The planning decisions of the post-war years were to have a profound effect on the image of Birmingham in subsequent decades, with the mix of ring roads, shopping malls and tower blocks often referred to as a 'concrete jungle'. In more recent years, Birmingham has learnt from what many see as the mistakes of the 1960s and instituted the largest tower block demolition and renovation programmes anywhere in Europe. There has been a lot of new building in the city centre in recent years, including the award-winning Future Systems' Selfridges building, an irregularly-shaped structure covered in thousands of reflective discs (see picture), the Brindleyplace development and the Millennium Point science and technology centre.
Places of interest
See main article: Transport in Birmingham
See main article: Telecommunication in Birmingham
Main article: Education in Birmingham
One of the most prestigious schools in England, the King Edward's School is located in Edgbaston. Birmingham also has three universities: The University of Birmingham, Aston University and The University of Central England (UCE, formerly Birmingham Polytechnic). The UCE has asked Aston to consider a merger. The Birmingham Conservatoire, now part of the UCE, was established over 100 years ago and is recognised as one of the major national colleges of music which focuses on performance and composition.
Birmingham School of Acting is one of the UK's leading vocational drama schools it offers two fully funded higher education courses and also offers a range of part time, summer schools and short courses for adults and children.
Elmhurst School for Dance is the oldest and one of the most successful vocational dance Schools in the UK. After recently relocating from London to Edgbaston the school has teamed up with Birmingham Royal Ballet.
The city also hosts many 'Urban Workshops' for modern music including street level DJ mixing tuition and dance hosted by many experienced musicians from ground roots enteprises like for instance Punch Records in New Town.
Mansfield College, one of the constituent colleges of the University of Oxford, was founded (under the name of Spring Hill College) in Birmingham but later moved to Oxford with the relaxation of non-conformists in 1886.
Main article: Sport in Birmingham
Birmingham has been awarded the title National City of Sport by the Sports Council , and sport has long played an important role in the life of the city at every level from the hundreds of diverse grass-roots sports clubs to internationally known venues, clubs and associations.
The city is home to two of the UK's oldest professional football teams: Aston Villa (1874) and Birmingham City (1875), both of whom currently play in the Premier League. The world's first professional football league was founded at a meeting in Aston on March 22 1885 under the auspices of William McGregor, a director of Aston Villa.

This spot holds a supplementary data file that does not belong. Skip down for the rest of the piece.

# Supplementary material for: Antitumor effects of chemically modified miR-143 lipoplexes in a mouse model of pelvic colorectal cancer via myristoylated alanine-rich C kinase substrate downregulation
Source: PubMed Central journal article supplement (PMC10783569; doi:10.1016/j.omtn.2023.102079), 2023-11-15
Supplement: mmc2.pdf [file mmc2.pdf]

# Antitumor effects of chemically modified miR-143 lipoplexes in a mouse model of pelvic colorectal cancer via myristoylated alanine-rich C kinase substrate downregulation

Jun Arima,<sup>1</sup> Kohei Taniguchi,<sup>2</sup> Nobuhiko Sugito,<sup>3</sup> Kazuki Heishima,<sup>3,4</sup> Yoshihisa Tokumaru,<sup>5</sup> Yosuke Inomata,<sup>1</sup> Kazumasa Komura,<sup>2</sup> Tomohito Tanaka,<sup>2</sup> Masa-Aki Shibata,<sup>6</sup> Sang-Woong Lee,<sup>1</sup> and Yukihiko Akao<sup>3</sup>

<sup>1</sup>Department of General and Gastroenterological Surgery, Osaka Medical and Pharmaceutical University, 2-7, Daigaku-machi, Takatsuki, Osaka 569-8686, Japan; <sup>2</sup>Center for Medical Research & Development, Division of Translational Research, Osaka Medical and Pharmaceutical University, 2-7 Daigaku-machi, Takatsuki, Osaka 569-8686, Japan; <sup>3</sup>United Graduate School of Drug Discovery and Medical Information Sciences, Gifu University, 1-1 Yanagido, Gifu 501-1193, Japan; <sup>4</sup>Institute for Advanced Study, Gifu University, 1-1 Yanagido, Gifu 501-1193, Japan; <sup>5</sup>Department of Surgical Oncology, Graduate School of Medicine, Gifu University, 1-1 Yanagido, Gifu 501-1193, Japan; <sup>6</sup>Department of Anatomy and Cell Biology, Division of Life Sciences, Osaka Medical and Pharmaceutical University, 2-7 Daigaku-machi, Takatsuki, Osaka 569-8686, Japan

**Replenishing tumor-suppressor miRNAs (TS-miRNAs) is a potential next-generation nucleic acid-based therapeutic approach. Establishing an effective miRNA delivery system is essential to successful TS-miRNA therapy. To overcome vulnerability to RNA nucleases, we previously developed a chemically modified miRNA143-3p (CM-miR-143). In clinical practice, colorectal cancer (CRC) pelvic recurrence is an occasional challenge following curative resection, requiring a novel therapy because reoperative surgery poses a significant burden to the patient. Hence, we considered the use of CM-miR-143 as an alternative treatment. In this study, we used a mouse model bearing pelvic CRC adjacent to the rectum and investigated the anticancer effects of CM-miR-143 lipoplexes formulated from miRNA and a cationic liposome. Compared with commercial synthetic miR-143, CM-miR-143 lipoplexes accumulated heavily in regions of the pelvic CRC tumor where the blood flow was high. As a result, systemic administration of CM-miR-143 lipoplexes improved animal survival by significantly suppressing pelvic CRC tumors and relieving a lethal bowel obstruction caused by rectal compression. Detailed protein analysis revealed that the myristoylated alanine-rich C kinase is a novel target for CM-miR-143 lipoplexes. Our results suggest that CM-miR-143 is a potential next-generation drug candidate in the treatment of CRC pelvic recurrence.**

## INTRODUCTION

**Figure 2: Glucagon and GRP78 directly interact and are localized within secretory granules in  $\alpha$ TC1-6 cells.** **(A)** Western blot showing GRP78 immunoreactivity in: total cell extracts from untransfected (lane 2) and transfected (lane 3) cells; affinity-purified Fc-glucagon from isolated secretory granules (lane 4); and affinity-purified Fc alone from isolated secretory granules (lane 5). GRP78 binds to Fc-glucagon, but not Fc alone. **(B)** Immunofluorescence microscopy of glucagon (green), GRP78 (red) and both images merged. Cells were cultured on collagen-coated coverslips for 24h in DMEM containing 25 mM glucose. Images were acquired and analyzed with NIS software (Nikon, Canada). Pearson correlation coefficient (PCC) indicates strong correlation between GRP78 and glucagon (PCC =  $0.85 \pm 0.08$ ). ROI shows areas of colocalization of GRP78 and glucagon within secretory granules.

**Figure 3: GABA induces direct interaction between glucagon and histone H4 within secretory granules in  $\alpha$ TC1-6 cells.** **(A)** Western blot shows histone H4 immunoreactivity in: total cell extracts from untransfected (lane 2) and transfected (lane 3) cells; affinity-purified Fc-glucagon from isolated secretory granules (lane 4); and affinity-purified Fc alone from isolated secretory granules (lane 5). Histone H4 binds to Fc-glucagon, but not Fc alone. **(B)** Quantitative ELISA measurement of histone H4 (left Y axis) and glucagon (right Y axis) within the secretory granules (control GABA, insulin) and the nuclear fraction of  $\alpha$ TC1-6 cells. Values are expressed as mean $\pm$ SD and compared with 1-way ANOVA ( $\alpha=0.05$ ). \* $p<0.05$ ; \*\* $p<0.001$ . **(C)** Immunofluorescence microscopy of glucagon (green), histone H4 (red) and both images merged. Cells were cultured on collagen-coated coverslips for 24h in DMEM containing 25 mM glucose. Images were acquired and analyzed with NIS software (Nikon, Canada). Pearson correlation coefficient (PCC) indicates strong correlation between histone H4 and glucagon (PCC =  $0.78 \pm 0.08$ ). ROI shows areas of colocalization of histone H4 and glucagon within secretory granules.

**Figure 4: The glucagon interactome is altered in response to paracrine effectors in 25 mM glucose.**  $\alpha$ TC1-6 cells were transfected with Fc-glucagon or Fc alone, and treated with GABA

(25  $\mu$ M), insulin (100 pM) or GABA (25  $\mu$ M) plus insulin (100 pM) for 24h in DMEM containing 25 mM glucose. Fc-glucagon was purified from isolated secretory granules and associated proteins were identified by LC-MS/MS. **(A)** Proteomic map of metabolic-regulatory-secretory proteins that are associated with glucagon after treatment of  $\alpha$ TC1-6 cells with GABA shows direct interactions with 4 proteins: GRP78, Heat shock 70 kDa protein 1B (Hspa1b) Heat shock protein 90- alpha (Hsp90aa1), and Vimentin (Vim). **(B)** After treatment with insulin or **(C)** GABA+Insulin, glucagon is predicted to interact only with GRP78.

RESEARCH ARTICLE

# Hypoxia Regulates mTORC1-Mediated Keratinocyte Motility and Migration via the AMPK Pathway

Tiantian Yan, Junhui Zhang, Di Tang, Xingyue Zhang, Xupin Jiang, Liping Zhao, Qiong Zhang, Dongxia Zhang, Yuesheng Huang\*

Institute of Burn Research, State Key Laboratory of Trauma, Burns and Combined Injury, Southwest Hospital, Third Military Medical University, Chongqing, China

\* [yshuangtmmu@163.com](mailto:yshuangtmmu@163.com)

A cricket club was in existence in Birmingham as early as 1745, and today the city is home to Warwickshire County Cricket Club whose ground at Edgbaston is also a venue for international test matches. International meets in athletics take place at the open-air Alexander Stadium in Perry Barr, which is also the base of the Birchfield Harriers athletic club, which numbers many Olympic medallists among its past and present members. The National Indoor Arena (NIA) meanwhile is Britain's premier indoor athletics stadium and in 2003 hosted the 9th IAAF World Indoor Championships in Athletics. The NIA also hosts events in many other sports, such as the World Indoor Badminton Championships.
Professional golf is played at The Belfry (4km outside Birmingham) which has hosted The Ryder Cup four times, and rugby union, basketball, boxing, hockey, and greyhound racing all take place on a professional level in the city. The first ever game of lawn tennis was played in Edgbaston in 1859 by Major Thomas Henry Gem and Batista Pereira, both residents of the city, and international tennis is still played at Edgbaston's Priory Club.
Culture and arts
Main article: Arts in Birmingham
Over the years Birmingham has been a centre of innovation for many different types of music.
Billy King and the Nightriders were a 1950s rock band from the city.
In the late 1960s heavy metal music first evolved in the city and its neighbouring districts with bands such as Black Sabbath, Judas Priest, The Fortunes, The Move and Led Zeppelin which included Robert Plant. Early progressive rock and blues bands to evolve from the city in the Brum Beat era included: The Rockin Berries , The Honeycombes , Wizzard, The Spencer Davis Group, Idle Race, The Moody Blues, Judas Priest, Traffic, and The Electric Light Orchestra.
Other successful Birmingham singer/songwriters and musicians include Joan Armatrading, Steve Gibbons, Mike Kellie (of Spooky Tooth), Jeff Lynne, Phil Lynott (who formed Thin Lizzy), Carl Palmer (of Emerson Lake and Palmer), Roy Wood, Nick Mason with Steve Winwood and Dave Mason who were close friends of Jimi Hendrix. Winwood played on 5 Hendrix LP's and Hendrix first heard "All Along The Watchtower" by Bob Dylan at a party he was invited to by Mason, he decided to record his own version the same night with Mason playing acoustic guitar.